Biological Consequences of Ecosystem Fragmentation: A Review

Biological Consequences of Ecosystem Fragmentation: A Review Abstract. Abstract Research on fragmented ecosystems has focused mostly on the biogeograpbic consequences of the creation of habitat “islands” of different sizes and has provided little of practical value to managers. However, ecosystem fragmentation causes large changes in the physical environment as well as biogeograpbic changes. Fragmentation generally results in a landscape that consists of remnant areas of native vegetation surrounded by a matrix of agricultural or other developed land. As a result fluxes of radiation, momentum (La, wind), water, and nutrients across the landscape are altered significantly. These in turn can have important influences on biota within remnant areas, especially at or near the edge between the remnant and the surrounding matrix. The isolation of remnant areas by clearing also has important consequences for the biota. These consequences vary with the time since isolation distance from other remnants, and degree of connectivity with other remnants. The influences of physical and biogeographic changes are modified by the size, shape, and position in the landscape of individual remnant, with larger remnants being less adversely affected by the fragmentation process. The Dynamics of remnant areas are predominantly driven by factors arising in the surrounding landscape. Management of, and research on, fragmented ecosystems should be directed at understanding and controlling these external influences as much as at the biota of the remnants themselves. There is a strong need to develop an integrated approach to landscape management that places conservation reserves in the context of the overall landscape http://www.deepdyve.com/assets/images/DeepDyve-Logo-lg.png Conservation Biology Wiley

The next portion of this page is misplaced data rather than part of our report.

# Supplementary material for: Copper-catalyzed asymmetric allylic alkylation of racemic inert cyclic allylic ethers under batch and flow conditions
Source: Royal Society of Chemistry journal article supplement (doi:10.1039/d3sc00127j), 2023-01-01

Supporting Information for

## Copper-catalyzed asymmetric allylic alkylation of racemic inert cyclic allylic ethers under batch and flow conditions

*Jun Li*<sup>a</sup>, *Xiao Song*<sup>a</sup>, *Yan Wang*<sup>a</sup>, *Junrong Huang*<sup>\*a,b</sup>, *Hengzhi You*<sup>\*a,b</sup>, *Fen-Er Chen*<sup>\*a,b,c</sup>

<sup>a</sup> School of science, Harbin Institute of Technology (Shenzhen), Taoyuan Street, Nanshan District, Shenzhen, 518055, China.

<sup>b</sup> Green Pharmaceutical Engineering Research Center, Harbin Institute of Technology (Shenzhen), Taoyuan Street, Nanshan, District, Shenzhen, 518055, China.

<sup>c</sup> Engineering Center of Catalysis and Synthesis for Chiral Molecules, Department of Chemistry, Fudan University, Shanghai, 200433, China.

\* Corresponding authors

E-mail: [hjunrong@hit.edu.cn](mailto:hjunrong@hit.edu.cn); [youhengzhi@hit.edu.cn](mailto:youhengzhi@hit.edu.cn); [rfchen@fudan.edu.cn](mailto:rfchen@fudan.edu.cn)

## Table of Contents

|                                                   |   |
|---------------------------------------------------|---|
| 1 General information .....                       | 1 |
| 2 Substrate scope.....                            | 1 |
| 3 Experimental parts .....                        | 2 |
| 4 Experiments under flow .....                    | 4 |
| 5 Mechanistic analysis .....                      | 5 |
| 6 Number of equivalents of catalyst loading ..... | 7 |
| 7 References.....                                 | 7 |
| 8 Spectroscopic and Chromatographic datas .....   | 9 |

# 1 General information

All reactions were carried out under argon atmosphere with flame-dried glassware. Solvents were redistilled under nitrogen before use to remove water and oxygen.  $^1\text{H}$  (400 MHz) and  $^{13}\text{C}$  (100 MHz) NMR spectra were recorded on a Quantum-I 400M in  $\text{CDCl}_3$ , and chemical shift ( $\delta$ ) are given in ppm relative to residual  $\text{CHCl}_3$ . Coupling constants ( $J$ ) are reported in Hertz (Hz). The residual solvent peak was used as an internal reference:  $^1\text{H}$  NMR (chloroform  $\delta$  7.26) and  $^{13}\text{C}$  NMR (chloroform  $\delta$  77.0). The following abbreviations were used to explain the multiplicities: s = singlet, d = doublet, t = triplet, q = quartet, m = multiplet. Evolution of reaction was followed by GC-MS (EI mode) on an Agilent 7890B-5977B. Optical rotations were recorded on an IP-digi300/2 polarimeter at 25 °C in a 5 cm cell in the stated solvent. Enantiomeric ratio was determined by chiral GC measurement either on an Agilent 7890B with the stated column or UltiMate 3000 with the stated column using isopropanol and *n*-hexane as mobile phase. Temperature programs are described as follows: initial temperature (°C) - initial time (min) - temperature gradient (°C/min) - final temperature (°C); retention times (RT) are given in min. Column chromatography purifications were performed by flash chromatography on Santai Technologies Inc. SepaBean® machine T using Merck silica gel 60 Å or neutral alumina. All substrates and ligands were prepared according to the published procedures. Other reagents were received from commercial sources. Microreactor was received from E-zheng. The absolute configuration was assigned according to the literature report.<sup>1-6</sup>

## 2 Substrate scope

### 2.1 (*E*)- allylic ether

Biological Consequences of Ecosystem Fragmentation: A Review

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Publisher
Wiley
Copyright
"Copyright © 1991 Wiley Subscription Services, Inc., A Wiley Company"
ISSN
0888-8892
eISSN
1523-1739
D.O.I.
10.1111/j.1523-1739.1991.tb00384.x
Publisher site
See Article on Publisher Site

Abstract

Abstract. Abstract Research on fragmented ecosystems has focused mostly on the biogeograpbic consequences of the creation of habitat “islands” of different sizes and has provided little of practical value to managers. However, ecosystem fragmentation causes large changes in the physical environment as well as biogeograpbic changes. Fragmentation generally results in a landscape that consists of remnant areas of native vegetation surrounded by a matrix of agricultural or other developed land. As a result fluxes of radiation, momentum (La, wind), water, and nutrients across the landscape are altered significantly. These in turn can have important influences on biota within remnant areas, especially at or near the edge between the remnant and the surrounding matrix. The isolation of remnant areas by clearing also has important consequences for the biota. These consequences vary with the time since isolation distance from other remnants, and degree of connectivity with other remnants. The influences of physical and biogeographic changes are modified by the size, shape, and position in the landscape of individual remnant, with larger remnants being less adversely affected by the fragmentation process. The Dynamics of remnant areas are predominantly driven by factors arising in the surrounding landscape. Management of, and research on, fragmented ecosystems should be directed at understanding and controlling these external influences as much as at the biota of the remnants themselves. There is a strong need to develop an integrated approach to landscape management that places conservation reserves in the context of the overall landscape

Journal

Conservation BiologyWiley

Published: Mar 1, 1991

References

  • Trees, water and salt—a fine balance
    Bell, A.
  • Island biogeography and conservation: strategy and limitations
    Diamond, J. M.
  • Ecology of biological invasions: an Australian perspective
    Fox, M. D.; Fox, B.J.
  • Beam enrichment of diffuse radiation in a deciduous forest
    Hutchinson, B. A.; Matt, D. R.
  • The distribution of solar radiation within a deciduous forest
    Hutchinson, B. A.; Matt, D. R.
  • Elephants and their habitat
    Laws, R. M.; Parker, I. S. C.; Johnstone, R. C. B.
  • The theory of island biogeography
    MacArthur, R. H.; Wilson, E. O.
  • Island biogeography and the design of wildlife preserves
    May, R. M.
  • Isolation and extirpations in wildlife reserves
    Miller, R. I.; Harris, L. D.

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